By now Driessen could ask almost anyone in the newgrass universe to guest on his disc, but he was selective. Regular employers Tim O’Brien and Darrell Scott naturally participated. Admirer Jerry Douglas brought Dobro to the album-leading “Sally In The Garden” and the original “2 A.M.” and electric lap steel to Casey’s smoldering “Lady Bowmore.”

Most of the tunes have origins in bluegrass and old-time music, but all insist on saying something new. Driessen reinvents Bill Monroe’s “Jerusalem Ridge” yet again, building on the version he arranged at college, with as many as four separate fiddle parts all tracked by himself, often on contrasting fiddles and with complimentary techniques. Indeed every track has something to say about the fiddle and something new from the fiddle nested inside it, from the warbling tremolo of an exotic mute to an uncanny dialog with a Staffordshire Terrier (you’ll see). He reinvents “Cumberland Gap” so completely that it merits a new title: “Gaptooth.” And he riffs on the age-old tradition of the fiddle-and-banjo duet by offering the medley “Snowflake Reel/Done Gone/Cheyenne” as a one-on-one with drummer Haddad, forcing us to remember that a banjo always was and always will be a drum played with picks instead of sticks.

Several tunes borrow directly from the overarching influence of Tim O’Brien. “Footsteps So Near” began its life as a Hot Rize tune and it was one of Driessen’s first stabs at singing while fiddling, a weapon he picked up from Tim, a key member of that important quartet. “Fearless,” is how O’Brien summed up Driessen’s fiddling in a feature story in Bluegrass Now magazine. “He’s just a sponge.”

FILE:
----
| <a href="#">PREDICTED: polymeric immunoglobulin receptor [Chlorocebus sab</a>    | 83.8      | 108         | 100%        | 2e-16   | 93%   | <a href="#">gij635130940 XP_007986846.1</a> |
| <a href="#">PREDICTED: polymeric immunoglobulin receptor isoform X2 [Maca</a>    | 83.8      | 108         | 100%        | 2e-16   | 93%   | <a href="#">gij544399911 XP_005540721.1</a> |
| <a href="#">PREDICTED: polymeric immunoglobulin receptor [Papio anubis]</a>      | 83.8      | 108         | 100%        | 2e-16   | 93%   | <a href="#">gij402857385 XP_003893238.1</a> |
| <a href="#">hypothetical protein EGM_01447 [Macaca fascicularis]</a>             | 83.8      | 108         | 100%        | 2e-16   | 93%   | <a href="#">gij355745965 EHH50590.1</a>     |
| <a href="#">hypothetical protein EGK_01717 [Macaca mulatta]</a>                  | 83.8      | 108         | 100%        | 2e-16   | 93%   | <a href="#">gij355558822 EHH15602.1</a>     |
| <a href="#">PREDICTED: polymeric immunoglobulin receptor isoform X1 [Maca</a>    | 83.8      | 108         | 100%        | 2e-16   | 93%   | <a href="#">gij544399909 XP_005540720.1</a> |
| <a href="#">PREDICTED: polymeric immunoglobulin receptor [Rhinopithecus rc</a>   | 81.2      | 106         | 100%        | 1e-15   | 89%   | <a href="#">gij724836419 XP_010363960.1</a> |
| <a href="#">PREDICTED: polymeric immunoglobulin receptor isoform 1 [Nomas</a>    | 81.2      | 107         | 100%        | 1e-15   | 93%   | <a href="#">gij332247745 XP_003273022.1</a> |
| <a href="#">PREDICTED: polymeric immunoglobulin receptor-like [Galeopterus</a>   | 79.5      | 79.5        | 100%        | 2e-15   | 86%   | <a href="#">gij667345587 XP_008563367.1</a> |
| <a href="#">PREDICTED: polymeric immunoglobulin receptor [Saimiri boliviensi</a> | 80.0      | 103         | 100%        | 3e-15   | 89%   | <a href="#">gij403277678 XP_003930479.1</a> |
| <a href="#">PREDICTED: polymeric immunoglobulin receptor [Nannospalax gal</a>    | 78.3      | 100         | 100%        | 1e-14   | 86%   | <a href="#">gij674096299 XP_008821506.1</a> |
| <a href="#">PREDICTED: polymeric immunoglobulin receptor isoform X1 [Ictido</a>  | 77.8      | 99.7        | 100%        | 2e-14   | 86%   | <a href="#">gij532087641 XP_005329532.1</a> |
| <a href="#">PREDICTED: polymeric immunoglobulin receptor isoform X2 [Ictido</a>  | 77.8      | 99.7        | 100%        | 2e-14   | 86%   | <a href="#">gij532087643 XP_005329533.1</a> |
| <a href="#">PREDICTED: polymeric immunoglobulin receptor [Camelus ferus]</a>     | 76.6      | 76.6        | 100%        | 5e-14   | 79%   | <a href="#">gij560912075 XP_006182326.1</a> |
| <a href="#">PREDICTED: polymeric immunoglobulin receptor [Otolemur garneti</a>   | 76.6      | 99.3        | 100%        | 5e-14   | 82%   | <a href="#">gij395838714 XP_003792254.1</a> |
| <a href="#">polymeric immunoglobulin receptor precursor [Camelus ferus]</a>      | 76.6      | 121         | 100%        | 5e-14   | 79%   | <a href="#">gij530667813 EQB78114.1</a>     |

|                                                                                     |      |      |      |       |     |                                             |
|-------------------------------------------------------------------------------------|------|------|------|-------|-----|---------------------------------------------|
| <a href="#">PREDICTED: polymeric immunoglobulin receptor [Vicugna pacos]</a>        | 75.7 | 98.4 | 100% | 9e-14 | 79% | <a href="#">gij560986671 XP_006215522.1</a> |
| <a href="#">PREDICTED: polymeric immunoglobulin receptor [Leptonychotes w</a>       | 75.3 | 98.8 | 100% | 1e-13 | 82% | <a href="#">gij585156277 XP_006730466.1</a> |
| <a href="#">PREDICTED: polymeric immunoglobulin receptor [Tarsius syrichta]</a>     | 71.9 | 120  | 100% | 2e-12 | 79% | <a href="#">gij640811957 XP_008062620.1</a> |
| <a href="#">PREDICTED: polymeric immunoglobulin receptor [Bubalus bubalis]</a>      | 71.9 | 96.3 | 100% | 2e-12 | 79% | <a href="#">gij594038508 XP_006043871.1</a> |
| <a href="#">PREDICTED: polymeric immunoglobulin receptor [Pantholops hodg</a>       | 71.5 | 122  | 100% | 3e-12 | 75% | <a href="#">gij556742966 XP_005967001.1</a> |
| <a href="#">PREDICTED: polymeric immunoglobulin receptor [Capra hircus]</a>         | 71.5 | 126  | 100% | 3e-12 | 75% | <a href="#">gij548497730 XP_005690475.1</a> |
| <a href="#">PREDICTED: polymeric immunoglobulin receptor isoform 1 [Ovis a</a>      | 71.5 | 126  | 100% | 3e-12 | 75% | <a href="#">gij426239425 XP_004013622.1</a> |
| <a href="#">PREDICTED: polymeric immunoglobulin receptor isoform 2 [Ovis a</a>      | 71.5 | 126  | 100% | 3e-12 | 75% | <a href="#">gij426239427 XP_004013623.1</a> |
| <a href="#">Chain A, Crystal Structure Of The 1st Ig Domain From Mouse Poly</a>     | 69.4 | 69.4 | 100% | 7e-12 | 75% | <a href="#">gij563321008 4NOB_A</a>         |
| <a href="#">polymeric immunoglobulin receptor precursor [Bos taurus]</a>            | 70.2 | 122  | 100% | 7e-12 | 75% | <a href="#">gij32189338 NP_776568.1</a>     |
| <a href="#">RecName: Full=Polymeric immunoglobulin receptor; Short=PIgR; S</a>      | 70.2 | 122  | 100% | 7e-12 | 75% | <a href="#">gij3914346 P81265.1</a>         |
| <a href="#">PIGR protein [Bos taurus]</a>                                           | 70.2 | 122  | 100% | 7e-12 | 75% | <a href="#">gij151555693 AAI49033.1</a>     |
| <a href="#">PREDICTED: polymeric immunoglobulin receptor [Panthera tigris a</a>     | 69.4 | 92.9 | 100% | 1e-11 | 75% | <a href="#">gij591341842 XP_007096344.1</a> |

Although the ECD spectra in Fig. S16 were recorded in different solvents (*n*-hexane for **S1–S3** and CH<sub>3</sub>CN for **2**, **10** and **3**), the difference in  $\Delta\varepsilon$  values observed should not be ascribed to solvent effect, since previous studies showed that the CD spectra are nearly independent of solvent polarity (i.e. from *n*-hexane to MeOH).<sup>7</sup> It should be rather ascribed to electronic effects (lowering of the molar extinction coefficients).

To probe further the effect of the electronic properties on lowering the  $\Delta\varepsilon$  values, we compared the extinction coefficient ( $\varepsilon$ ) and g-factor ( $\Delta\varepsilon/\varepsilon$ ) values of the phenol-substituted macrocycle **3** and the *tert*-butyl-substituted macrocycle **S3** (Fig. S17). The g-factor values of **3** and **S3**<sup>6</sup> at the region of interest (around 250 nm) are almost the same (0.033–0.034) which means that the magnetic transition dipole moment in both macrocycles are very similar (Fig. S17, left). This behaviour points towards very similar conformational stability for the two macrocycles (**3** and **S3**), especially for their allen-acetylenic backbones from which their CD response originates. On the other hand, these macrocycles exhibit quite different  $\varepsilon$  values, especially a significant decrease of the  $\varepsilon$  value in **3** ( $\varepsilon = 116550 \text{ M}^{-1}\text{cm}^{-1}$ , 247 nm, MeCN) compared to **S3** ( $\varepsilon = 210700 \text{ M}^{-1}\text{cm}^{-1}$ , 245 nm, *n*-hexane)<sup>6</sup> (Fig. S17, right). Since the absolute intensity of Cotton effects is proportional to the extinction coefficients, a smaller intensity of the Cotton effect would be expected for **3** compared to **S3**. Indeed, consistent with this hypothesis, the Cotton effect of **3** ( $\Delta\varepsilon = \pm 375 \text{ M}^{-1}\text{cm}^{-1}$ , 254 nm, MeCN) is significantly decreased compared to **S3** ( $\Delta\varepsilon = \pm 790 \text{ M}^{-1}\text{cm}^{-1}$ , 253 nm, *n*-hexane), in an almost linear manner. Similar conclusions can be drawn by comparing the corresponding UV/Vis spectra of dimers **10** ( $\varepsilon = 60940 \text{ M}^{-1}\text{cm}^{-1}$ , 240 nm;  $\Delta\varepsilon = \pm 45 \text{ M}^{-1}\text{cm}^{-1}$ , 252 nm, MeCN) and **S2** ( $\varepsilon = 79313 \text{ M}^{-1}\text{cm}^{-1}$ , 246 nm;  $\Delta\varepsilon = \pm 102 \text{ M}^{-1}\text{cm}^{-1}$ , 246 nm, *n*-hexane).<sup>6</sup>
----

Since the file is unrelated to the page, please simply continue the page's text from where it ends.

Watch for the sponge on a stage near you, or on the other side of the Earth. He may be in the band, or he may be leading the band. He’s eager to go that route.

“I want to continue to travel and perform globally and experience new cultures. Through music, friendships are formed, traditions are shared and I am inspired on so many levels."

At a time when nearly all the corners of the earth have been mapped and cataloged, Driessen is a reminder that when it comes to music, there’s plenty of uncharted territory left to explore.


released May 12, 2006



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Casey Driessen

Casey Driessen is—like his music—inspired, unconventional and truly original. He has built a following as both solo artist and collaborator, touring the world with artists such as Béla Fleck (& the Flecktones), Steve Earle, Zac Brown Band, Darrell Scott, and Tim O'Brien. He is also a founding member of The Sparrow Quartet and never without a pair of red shoes. ... more